I can't help but be disappointed that Samsung hasn't used its mass of talented coders to knock up a range of exclusive toys and learning apps to go on the Galaxy Tab 3 Kids. If it was packed with great, properly free and exclusive apps, that'd be a huge selling point.
My three-year-old enjoyed counting to ten by clicking on farm animals with the chunky stylus, but daddy wasn't best pleased when this app - obviously aimed at toddlers - then asked for permission to install Samsung's own IAP buying tool and coolly demanded my credit card details and £1.50 to open up more mini games.
It shouldn't be on here, and makes you think the Galaxy Tab Kids is a Trojan horse, designed to get kids badgering their parents for more money and Samsung's in-app purchasing tools in as many homes as possible. Not what you want from a gadget with an inflated price tag to start with.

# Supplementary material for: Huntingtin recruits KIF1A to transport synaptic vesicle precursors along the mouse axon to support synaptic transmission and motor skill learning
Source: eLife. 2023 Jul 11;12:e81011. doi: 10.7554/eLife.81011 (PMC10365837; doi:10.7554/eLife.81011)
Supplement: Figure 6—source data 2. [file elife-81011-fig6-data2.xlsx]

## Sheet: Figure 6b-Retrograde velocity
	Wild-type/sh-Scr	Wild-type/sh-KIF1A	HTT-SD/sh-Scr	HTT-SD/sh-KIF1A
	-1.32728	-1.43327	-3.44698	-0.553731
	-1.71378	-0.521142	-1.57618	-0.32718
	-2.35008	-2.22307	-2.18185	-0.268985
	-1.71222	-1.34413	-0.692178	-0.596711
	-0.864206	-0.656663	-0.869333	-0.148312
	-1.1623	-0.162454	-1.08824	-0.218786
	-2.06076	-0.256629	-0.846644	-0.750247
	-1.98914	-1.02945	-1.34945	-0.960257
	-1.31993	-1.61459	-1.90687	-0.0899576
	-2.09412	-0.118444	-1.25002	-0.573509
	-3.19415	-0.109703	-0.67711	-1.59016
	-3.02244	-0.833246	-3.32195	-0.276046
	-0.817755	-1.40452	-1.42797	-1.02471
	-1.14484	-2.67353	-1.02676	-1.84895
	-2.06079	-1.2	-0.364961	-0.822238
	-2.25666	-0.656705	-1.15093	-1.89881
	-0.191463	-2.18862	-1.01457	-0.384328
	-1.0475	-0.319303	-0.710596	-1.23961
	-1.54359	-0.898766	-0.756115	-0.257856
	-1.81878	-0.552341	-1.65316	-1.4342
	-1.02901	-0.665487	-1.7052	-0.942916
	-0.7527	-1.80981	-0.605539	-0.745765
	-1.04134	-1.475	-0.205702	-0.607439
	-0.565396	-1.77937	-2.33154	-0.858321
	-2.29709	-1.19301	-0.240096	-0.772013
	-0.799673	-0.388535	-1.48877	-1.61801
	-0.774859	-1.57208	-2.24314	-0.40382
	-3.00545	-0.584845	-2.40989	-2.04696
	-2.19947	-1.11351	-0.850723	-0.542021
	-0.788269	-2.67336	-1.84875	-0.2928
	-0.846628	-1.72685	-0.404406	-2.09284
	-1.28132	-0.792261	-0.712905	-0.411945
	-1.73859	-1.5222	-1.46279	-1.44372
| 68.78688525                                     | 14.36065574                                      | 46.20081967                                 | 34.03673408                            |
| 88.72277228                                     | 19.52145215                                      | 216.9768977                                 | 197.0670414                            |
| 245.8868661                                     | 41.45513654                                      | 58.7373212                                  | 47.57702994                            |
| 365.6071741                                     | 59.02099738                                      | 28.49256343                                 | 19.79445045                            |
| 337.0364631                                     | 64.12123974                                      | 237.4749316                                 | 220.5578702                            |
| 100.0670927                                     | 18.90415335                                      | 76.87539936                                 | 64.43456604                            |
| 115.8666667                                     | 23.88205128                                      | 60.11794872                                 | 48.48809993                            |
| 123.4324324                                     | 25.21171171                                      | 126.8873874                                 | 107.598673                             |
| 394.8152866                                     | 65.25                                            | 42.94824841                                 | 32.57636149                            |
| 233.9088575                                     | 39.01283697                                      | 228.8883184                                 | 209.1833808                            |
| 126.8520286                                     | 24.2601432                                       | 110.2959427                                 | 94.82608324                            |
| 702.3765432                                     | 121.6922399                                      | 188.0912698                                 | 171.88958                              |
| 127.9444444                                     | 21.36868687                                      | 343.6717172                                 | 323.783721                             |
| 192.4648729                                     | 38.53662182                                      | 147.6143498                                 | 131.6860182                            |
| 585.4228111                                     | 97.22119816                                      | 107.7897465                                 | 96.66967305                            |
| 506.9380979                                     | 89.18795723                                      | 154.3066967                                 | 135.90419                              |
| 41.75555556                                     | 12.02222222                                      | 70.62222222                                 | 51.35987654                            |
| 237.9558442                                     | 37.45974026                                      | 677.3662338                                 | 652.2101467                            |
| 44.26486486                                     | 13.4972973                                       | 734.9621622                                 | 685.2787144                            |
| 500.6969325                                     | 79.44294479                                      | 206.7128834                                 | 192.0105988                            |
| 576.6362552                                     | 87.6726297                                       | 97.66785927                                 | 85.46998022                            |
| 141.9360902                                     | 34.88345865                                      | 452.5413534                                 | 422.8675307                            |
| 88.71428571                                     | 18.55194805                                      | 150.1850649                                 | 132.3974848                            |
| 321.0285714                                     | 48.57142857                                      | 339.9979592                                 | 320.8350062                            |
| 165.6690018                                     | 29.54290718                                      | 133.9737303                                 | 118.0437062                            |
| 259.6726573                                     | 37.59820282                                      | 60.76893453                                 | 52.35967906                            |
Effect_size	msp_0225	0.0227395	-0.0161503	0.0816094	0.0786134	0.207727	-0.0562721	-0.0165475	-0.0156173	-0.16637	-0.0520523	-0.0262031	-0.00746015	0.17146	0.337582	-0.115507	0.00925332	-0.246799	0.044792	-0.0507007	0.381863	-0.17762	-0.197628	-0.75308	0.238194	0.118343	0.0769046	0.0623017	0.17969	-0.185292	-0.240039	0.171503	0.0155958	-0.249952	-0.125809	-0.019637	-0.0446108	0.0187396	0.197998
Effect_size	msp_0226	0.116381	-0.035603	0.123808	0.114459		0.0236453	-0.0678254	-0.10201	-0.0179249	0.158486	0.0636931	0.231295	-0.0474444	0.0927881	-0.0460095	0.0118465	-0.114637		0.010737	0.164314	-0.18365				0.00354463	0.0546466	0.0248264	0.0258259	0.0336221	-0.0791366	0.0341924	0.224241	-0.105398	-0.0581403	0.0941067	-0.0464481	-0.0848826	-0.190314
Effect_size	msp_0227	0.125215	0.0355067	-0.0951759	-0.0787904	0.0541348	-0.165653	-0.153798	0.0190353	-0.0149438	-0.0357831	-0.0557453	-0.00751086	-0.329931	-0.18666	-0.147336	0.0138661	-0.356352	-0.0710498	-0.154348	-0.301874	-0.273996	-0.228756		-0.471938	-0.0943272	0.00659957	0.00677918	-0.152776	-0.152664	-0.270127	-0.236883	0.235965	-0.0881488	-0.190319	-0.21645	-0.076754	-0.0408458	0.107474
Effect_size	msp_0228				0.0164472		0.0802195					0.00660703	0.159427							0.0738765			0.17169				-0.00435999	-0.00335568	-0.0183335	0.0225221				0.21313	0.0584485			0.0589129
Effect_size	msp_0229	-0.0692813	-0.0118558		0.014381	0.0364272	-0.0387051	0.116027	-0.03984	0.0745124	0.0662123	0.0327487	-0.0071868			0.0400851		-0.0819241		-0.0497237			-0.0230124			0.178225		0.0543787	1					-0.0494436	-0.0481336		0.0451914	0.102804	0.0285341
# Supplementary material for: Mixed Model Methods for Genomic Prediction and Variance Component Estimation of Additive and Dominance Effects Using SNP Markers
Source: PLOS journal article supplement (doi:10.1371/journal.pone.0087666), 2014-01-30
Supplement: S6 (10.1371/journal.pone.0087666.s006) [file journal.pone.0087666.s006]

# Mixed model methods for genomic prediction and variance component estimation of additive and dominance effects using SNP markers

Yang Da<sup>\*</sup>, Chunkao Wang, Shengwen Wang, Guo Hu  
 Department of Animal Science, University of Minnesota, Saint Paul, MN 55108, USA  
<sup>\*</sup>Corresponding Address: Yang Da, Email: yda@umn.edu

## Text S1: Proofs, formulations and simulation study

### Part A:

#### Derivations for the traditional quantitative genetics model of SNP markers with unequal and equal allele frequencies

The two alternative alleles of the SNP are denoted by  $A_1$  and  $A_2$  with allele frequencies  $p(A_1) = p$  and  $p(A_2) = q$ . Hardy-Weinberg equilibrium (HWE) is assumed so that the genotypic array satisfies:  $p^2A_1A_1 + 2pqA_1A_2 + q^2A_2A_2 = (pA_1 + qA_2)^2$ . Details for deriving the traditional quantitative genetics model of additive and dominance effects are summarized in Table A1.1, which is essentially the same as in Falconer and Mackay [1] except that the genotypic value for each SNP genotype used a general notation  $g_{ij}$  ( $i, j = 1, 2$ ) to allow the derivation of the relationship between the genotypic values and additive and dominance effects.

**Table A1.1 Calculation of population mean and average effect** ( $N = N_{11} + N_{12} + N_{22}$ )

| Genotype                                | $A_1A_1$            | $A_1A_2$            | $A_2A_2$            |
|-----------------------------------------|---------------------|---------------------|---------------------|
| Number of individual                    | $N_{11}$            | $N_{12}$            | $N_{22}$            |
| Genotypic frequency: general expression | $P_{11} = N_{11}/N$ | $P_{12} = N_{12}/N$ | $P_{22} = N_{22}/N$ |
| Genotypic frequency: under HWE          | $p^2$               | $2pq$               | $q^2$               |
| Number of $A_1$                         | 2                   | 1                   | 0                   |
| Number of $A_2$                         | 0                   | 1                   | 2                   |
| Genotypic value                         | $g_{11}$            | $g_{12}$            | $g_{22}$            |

As it is, with the apps sourced from Google Play and tablet hardware that was slow and crappy enough when TechRadar reviewed the standard Galaxy Tab 3 a few months ago, all you're really paying the premium price for here is the case and the Kids Mode interface.
Kids Mode is indeed a very nice interface, but it's poorly used, and my son quickly grew tired of the majority of the disappointing pre-loaded apps. A Hudl, a cheap case and a selection of apps installed yourself would do the job for less -- and would run grown-up Android better too.